| This page has been nominated for cleanup for the following reason: copyediting & wikifying needed.
Please edit this page to improve it. See this module's talk page for discussion.
Crystal methods are a family of methodologies (the Crystal family) that were developed by Alistair Cockburn in the mid-1990s. The methods come from years of study and interviews of teams by Cockburn. Cockburn’s research showed that the teams he interviewed did not follow the formal methodologies yet they still delivered successful projects. The Crystal family is Cockburn’s way of cataloguing what they did that made the projects successful.
Crystal methods are considered and described as “lightweight methodologies”. The use of the word Crystal comes from the gemstone where, in software terms, the faces are a different view on the “underlying core” of principles and values. The faces are a representation of techniques, tools, standards and roles.
Methodology, techniques, and policies are differentiated between by Cockburn:
- Methodology - set of elements (e.g. practices, tools)
- Techniques - skill areas (e.g. developing use cases)
- Policies - dictate organizational musts
Crystal methods are focused on:
Cockburn says that Process, while important, should be considered after the above as a secondary focus. The idea behind the Crystal Methods is that the teams involved in developing software would typically have varied skill and talent sets and so the Process element isn’t a major factor.
Since teams can go about similar tasks in different ways, the Crystal family of methodologies are very tolerant to this which makes the Crystal family one of the easiest agile methodologies to apply.
In his research, Cockburn , he defines behaviour of people in teams:
- “People are communicating beings, doing best face-to-face, in person, with real-time question and answer.”
- “People have trouble acting consistently over time.”
- “People are highly variable, varying from day to day and place to place.”
- “People generally want to be good citizens, are good at looking around, taking initiative, and doing ‘whatever is needed’ to get the project to work.”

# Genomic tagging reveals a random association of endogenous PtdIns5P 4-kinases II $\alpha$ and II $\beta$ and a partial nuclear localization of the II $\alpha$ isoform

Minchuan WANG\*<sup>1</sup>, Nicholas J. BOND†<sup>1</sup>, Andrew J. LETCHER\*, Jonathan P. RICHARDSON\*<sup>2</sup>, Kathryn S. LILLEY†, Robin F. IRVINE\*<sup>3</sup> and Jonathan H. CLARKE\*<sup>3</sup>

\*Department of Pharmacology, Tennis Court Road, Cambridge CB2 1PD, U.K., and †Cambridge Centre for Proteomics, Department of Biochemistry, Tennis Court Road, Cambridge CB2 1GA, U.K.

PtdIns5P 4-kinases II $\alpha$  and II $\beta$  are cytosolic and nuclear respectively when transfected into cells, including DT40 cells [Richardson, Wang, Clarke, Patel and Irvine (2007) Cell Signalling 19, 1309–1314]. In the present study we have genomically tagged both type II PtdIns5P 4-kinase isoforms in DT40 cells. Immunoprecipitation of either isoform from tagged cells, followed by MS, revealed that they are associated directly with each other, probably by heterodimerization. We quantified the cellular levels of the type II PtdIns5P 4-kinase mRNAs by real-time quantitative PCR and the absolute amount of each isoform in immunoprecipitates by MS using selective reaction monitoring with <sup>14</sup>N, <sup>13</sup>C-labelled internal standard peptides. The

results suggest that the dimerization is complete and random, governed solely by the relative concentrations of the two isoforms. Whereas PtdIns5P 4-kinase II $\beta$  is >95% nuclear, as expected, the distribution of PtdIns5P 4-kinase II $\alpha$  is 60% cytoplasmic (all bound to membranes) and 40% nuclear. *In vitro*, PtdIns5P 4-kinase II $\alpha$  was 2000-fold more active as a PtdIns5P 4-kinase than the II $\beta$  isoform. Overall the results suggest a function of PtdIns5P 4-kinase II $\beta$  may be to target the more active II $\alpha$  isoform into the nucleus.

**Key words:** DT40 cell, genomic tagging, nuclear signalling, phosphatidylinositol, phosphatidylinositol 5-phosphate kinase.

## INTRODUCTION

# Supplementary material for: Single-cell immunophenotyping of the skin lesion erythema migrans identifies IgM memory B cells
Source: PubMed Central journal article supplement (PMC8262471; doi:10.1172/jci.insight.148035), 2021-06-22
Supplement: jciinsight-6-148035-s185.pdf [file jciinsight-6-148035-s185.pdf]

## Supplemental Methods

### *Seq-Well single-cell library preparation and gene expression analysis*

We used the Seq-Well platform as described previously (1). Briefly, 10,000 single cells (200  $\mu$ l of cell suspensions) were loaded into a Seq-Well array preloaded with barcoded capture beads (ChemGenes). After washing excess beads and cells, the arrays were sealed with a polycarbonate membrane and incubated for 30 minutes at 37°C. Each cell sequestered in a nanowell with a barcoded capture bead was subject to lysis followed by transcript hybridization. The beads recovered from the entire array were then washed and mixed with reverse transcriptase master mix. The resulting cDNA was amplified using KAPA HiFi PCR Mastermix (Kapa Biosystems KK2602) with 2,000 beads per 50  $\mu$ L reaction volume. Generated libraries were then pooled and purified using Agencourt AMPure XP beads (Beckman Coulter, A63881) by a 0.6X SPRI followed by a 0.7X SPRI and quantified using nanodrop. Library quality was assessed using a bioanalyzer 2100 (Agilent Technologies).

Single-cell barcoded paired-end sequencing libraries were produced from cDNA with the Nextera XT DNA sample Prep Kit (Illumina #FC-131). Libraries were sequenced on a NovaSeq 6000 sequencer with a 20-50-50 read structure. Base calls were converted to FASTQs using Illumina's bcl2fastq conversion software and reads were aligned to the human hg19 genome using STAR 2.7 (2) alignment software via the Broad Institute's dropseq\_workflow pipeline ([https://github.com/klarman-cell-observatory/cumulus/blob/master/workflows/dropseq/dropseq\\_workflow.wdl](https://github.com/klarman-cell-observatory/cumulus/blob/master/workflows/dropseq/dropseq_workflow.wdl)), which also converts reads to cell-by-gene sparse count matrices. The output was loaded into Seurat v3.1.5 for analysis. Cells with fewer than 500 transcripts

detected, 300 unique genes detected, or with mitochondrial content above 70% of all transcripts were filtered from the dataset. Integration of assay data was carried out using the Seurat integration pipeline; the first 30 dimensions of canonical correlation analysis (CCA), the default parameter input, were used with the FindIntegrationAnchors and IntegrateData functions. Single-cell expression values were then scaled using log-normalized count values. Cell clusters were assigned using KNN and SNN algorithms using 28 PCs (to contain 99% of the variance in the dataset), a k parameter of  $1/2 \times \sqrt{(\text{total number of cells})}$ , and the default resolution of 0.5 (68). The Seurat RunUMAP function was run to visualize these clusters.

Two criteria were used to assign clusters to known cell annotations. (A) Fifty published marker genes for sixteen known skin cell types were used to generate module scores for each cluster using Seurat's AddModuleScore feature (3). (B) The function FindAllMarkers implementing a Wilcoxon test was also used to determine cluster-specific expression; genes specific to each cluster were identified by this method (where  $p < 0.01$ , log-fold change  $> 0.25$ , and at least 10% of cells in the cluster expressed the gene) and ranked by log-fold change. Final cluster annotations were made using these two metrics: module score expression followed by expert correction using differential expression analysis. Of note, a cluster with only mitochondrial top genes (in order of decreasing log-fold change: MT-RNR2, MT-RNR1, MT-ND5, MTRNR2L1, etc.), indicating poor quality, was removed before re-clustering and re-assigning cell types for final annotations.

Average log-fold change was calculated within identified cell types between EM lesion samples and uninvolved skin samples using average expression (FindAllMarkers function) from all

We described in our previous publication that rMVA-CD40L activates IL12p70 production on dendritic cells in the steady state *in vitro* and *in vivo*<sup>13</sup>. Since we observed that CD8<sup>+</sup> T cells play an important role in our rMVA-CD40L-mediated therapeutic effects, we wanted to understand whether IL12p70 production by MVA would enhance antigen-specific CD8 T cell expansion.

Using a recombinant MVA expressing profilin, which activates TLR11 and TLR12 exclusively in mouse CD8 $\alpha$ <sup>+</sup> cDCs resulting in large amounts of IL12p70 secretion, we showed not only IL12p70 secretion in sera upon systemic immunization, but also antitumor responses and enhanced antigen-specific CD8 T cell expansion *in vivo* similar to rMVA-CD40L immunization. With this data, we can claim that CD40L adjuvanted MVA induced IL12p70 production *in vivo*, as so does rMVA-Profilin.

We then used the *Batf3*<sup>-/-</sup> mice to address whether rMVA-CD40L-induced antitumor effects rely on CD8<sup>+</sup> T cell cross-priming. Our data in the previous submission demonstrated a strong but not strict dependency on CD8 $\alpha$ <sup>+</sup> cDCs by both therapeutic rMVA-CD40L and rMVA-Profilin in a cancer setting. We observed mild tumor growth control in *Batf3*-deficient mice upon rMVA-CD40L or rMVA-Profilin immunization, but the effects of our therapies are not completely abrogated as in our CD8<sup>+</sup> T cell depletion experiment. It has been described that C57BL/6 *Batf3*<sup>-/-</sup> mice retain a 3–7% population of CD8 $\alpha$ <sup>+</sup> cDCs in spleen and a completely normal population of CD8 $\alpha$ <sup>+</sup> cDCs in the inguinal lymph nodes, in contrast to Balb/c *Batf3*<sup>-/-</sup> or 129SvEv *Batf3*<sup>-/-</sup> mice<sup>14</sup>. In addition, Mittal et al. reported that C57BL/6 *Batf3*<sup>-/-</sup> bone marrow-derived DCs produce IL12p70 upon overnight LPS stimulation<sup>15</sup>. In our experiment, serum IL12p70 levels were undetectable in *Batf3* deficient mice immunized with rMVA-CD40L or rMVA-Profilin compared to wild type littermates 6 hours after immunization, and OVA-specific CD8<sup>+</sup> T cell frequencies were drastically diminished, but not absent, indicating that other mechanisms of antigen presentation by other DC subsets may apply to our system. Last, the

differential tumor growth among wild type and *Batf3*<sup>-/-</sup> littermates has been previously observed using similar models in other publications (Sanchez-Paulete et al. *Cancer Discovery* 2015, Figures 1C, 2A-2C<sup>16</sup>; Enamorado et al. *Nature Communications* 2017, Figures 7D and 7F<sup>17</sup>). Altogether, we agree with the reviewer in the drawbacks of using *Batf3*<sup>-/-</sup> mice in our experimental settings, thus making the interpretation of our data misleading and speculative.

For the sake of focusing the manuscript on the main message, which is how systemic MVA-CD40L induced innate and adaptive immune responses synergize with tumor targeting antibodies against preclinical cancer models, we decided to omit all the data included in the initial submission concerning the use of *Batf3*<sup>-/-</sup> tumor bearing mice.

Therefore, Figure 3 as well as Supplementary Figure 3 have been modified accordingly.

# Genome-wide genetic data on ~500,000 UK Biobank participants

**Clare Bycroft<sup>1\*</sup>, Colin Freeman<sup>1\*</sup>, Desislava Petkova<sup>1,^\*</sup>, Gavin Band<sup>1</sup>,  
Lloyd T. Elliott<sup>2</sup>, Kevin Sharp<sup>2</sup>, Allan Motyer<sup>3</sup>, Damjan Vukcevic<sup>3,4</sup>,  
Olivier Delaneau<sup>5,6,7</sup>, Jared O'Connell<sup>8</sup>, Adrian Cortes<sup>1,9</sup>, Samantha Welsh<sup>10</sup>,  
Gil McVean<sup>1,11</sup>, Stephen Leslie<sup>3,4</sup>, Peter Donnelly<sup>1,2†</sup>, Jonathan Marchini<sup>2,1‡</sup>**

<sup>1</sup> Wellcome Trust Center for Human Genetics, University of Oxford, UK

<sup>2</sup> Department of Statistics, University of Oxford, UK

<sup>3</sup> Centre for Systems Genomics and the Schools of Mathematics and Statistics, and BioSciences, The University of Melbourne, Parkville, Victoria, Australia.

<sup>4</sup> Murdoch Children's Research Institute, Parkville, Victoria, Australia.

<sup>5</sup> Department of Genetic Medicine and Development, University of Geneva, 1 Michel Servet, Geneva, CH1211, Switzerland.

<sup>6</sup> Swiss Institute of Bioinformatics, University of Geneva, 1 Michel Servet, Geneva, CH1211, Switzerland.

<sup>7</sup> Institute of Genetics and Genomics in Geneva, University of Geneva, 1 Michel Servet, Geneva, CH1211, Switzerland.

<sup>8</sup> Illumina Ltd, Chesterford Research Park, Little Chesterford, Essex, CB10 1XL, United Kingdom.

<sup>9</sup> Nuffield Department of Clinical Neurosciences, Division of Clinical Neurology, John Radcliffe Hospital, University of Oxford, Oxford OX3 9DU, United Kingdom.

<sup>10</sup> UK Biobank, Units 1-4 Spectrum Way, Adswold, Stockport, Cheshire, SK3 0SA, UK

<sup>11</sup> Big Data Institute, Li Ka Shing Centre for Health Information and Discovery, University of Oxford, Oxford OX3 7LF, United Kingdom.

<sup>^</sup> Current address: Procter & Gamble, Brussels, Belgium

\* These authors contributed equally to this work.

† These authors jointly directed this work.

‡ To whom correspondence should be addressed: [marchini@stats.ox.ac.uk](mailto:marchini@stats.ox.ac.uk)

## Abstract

The points above are why Crystal methods are so flexible and why they avoid strict and rigid processes typically found in older methodologies.
The Crystal Family
Cockburn developed the different methods in the family of methodologies to suit teams of different sizes which need different strategies to solve diverse problems.
The Crystal family of methodologies use different colours to denote the “weight” of which methodology to use. If a project were a small one a methodology such as Crystal Clear, Crystal Orange or Crystal Yellow may be used or if the project was a mission-critical one where human life could be endangered then the methods Crystal Diamond or Crystal Sapphire would be used.
The family is divided into different colours. Some examples:
- Crystal Clear
- Crystal Yellow
- Crystal Orange
- Crystal Orange Web
- Crystal Red
- Crystal Maroon
- Crystal Diamond
- Crystal Sapphire
There are five “colors” which represent the five families of Crystal methodogies, which are to be adopted based on the size of the project (i.e., the number of people involved on a project
Clear–up to 6 people
Yellow–up to 20 people
Orange–up to 40 people
Red–up to 80 people
Maroon–up to 200 people
On the other hand, Crystal Sapphire or Crystal Diamond methods are used in large projects that involve potential risk to human life.
If you are in a project that has a Crystal Clear framework, and you increase the people in your project to greater than 6, than Alistair Cockburn recommends the project the next higher framework level (Crystal Yellow), rather than trying to expand the prior Crystal Clear practices.
As you go up in levels, the project is expected to be harder.
4. 4 Levels of Criticality in Crystal
Besides having a “size” factor which determines the framework, the other factor mentioned above which effects the framework is that of “criticality”, which is the level of potential damage the system can cause if it does not perform as designed
Comfort (C) Discretionary Money (D) Essential Money (E) Life (L)
[Source: A Practical Guide to Seven Agile Methodologies Part 2, ( http://www.devx.com/architect/Article/32836/0/page/2 )]
The Crystal Family of Methodologies. One characteristic of Crystal is its intentional scaling to projects based on size and criticality. The larger a project gets (from left to right), the darker the colour.
What are the roles prescribed by Crystal?
The Crystal approach defines a number of roles: Project Sponsor, Senior Designer/Programmer, Designer/Programmers (Business Class Designers, Programmers, Software Documenters and Unit Testers) and Users. Also, there are a number of other roles such as Architect, Coordinator, Requirements Gatherer, Business Expert, Business Analyst/Designer, Project Manager, Design Mentor, Usage Expert, Lead Design Programmer, UI designer, Technical Facilitator and Technical Writer.
Between all the methods in the Crystal family, there are seven prevailing common properties. Cockburn found that the more of these properties that were in a project, the more likely it was to succeed.
The seven properties are:
- Frequent delivery
- Reflective improvement
- Close or osmotic communication
- Personal safety
- Easy access to expert users
- Technical environment with automated tests, configuration management, and frequent integration